I'm just back from the event with Microsoft in Redmond that we have been asked not to blog about. So I certainly won't blog about the content of those sessions; that stuff is still NDA. However, I can certainly talk about how the sessions themselves went. I was pretty excited after the first day of seeing the unmentionable product. There were a lot of PowerPoint slides, but there was also some live demo. The live demo goes a long way towards proving that there is actually some code written and a product will exist soon (the demos hardly ever crashed).

By the end of the second day, I was beginning to suffer from that oft endured PowerPoint poisoning. Yes, that state you get into where there have just been too many slides and you stop paying attention to them at all. By the third day, it got worse and I was thinking, "Just give me the bits and stop with these presentations; I'll test the thing myself." (OK, so I had to skip out on the last two sessions - I have a feeling I would have left those ones saying "Just kill me".)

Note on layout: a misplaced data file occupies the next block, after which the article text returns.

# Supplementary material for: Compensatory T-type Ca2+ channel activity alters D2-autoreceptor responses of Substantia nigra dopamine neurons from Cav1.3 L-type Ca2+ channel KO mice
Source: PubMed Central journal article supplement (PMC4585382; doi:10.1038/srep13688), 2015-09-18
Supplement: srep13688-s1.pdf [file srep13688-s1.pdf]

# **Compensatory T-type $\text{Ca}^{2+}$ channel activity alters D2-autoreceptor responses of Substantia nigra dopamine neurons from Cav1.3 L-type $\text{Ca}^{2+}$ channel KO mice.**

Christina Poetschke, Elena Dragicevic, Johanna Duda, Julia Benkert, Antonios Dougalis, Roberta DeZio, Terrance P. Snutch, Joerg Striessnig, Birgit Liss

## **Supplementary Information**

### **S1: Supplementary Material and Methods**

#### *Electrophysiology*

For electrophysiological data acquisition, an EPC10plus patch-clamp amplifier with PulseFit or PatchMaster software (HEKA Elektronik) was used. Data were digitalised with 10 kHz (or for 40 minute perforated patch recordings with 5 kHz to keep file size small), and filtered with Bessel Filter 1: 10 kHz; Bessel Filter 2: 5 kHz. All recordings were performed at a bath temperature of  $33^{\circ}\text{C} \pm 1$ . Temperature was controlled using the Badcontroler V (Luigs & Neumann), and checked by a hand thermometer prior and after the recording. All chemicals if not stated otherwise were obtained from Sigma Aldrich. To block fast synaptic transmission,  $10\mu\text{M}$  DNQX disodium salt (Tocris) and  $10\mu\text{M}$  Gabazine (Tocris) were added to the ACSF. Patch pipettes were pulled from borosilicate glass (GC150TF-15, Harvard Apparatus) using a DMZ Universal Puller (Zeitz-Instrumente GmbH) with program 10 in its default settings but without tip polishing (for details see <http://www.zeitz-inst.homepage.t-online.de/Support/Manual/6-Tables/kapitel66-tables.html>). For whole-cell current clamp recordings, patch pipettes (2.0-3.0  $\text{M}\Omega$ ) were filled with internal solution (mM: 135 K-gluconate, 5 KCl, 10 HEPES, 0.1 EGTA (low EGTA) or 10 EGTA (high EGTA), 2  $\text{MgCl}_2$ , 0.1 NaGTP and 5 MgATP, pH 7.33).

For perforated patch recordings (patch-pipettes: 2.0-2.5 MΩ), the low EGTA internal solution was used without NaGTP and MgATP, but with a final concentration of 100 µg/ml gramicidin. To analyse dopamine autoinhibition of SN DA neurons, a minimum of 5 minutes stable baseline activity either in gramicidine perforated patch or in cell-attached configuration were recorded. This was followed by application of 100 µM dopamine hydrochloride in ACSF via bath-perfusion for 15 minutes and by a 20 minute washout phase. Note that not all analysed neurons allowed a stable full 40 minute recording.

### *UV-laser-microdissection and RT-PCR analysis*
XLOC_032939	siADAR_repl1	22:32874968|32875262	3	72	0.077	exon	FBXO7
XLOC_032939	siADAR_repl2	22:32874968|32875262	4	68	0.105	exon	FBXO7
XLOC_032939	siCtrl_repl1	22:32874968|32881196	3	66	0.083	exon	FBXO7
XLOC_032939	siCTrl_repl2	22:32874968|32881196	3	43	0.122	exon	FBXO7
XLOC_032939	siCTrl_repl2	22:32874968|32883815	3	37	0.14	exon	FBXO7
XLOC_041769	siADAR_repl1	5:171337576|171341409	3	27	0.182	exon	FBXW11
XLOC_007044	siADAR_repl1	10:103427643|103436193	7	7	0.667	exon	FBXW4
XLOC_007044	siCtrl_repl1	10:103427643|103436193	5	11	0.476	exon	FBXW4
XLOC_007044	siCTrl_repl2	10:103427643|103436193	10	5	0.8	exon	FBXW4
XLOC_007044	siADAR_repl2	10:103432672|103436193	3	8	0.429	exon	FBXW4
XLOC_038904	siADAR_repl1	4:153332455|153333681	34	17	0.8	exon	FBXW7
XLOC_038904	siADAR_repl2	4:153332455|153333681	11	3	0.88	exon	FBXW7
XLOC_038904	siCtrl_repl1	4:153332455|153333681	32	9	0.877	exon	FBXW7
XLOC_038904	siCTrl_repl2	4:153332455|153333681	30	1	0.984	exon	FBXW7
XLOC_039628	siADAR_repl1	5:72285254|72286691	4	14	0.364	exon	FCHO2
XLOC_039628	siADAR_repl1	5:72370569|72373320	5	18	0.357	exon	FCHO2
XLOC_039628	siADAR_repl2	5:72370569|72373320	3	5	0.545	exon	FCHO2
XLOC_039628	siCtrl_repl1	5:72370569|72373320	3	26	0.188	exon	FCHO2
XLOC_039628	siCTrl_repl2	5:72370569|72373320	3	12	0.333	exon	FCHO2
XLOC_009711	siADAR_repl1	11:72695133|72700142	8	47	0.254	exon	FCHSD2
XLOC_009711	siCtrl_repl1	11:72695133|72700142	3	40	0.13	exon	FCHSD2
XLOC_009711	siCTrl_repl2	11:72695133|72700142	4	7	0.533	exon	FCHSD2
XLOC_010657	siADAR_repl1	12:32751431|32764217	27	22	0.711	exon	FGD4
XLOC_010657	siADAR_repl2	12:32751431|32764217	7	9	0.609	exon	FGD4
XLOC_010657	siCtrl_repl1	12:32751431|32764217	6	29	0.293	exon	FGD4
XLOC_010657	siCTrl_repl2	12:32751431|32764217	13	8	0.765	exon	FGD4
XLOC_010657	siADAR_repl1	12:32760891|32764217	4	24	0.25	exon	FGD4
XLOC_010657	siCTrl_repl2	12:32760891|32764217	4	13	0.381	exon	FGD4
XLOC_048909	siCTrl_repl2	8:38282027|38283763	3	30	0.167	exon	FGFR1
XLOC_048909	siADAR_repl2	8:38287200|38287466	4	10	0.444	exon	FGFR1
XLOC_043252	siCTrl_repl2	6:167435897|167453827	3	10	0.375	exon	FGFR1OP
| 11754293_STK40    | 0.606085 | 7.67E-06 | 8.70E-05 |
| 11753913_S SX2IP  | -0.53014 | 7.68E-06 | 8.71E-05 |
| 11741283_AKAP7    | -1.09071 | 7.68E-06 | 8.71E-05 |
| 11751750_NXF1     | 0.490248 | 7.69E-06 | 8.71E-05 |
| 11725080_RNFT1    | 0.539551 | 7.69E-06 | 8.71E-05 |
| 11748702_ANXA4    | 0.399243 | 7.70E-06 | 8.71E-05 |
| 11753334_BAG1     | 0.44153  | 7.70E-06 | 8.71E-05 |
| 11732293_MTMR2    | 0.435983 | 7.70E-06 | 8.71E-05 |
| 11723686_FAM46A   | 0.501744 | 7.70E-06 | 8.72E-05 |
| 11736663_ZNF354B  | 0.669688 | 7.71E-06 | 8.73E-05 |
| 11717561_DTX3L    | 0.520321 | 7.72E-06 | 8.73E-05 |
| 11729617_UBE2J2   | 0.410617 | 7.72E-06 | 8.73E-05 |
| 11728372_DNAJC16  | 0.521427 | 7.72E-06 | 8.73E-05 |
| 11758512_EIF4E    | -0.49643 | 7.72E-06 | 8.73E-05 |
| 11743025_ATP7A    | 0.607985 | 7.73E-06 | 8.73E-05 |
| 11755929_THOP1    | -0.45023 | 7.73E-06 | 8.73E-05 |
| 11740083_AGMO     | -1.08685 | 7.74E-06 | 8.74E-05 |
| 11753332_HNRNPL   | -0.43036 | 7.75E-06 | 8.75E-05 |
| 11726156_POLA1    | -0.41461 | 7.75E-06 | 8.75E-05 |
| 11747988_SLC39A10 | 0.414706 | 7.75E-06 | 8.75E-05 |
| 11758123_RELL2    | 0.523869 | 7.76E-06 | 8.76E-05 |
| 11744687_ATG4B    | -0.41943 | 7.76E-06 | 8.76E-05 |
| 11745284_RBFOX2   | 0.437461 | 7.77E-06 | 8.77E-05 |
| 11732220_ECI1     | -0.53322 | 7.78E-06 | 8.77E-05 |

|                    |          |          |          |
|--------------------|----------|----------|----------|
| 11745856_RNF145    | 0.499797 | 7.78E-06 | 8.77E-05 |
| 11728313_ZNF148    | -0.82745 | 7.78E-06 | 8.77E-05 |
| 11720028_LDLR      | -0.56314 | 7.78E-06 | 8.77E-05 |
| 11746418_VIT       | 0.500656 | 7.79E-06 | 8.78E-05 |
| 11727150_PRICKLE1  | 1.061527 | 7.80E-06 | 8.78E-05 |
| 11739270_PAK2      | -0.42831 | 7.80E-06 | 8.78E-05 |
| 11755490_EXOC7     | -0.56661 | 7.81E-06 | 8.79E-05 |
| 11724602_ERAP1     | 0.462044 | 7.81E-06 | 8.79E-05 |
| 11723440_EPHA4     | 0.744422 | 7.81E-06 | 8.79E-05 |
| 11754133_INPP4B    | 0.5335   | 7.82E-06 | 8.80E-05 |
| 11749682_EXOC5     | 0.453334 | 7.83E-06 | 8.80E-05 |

It's funny how the PowerPoint poisoning was made worse by an internal Microsoft competition. They were competing to see who could make the best "PowerPoint animation" (I don't think I even heard them say "The best use of a PowerPoint animation"). Now this thing was multi-track with up to 5 sessions going at once. I could only attend one at a time, so can't pretend to judge them all. But the animations made me think of that scene in the movie Galaxy Quest where "Crewman number 6" (Guy) asks the characters "Have you ever watched the show?". I was thinking of these MS PM's - "Have you ever used PowerPoint animations?" I mean most were rudimentary. The way they were plugging each one we needed to have someone with a buzzer and have Tommy Lee Jones (Men in Black II) come out and say "This one's an example of 'Go home and do it again'." Anyway, they were "Not Guud" (as Jim Carey would say in Bruce Almighty).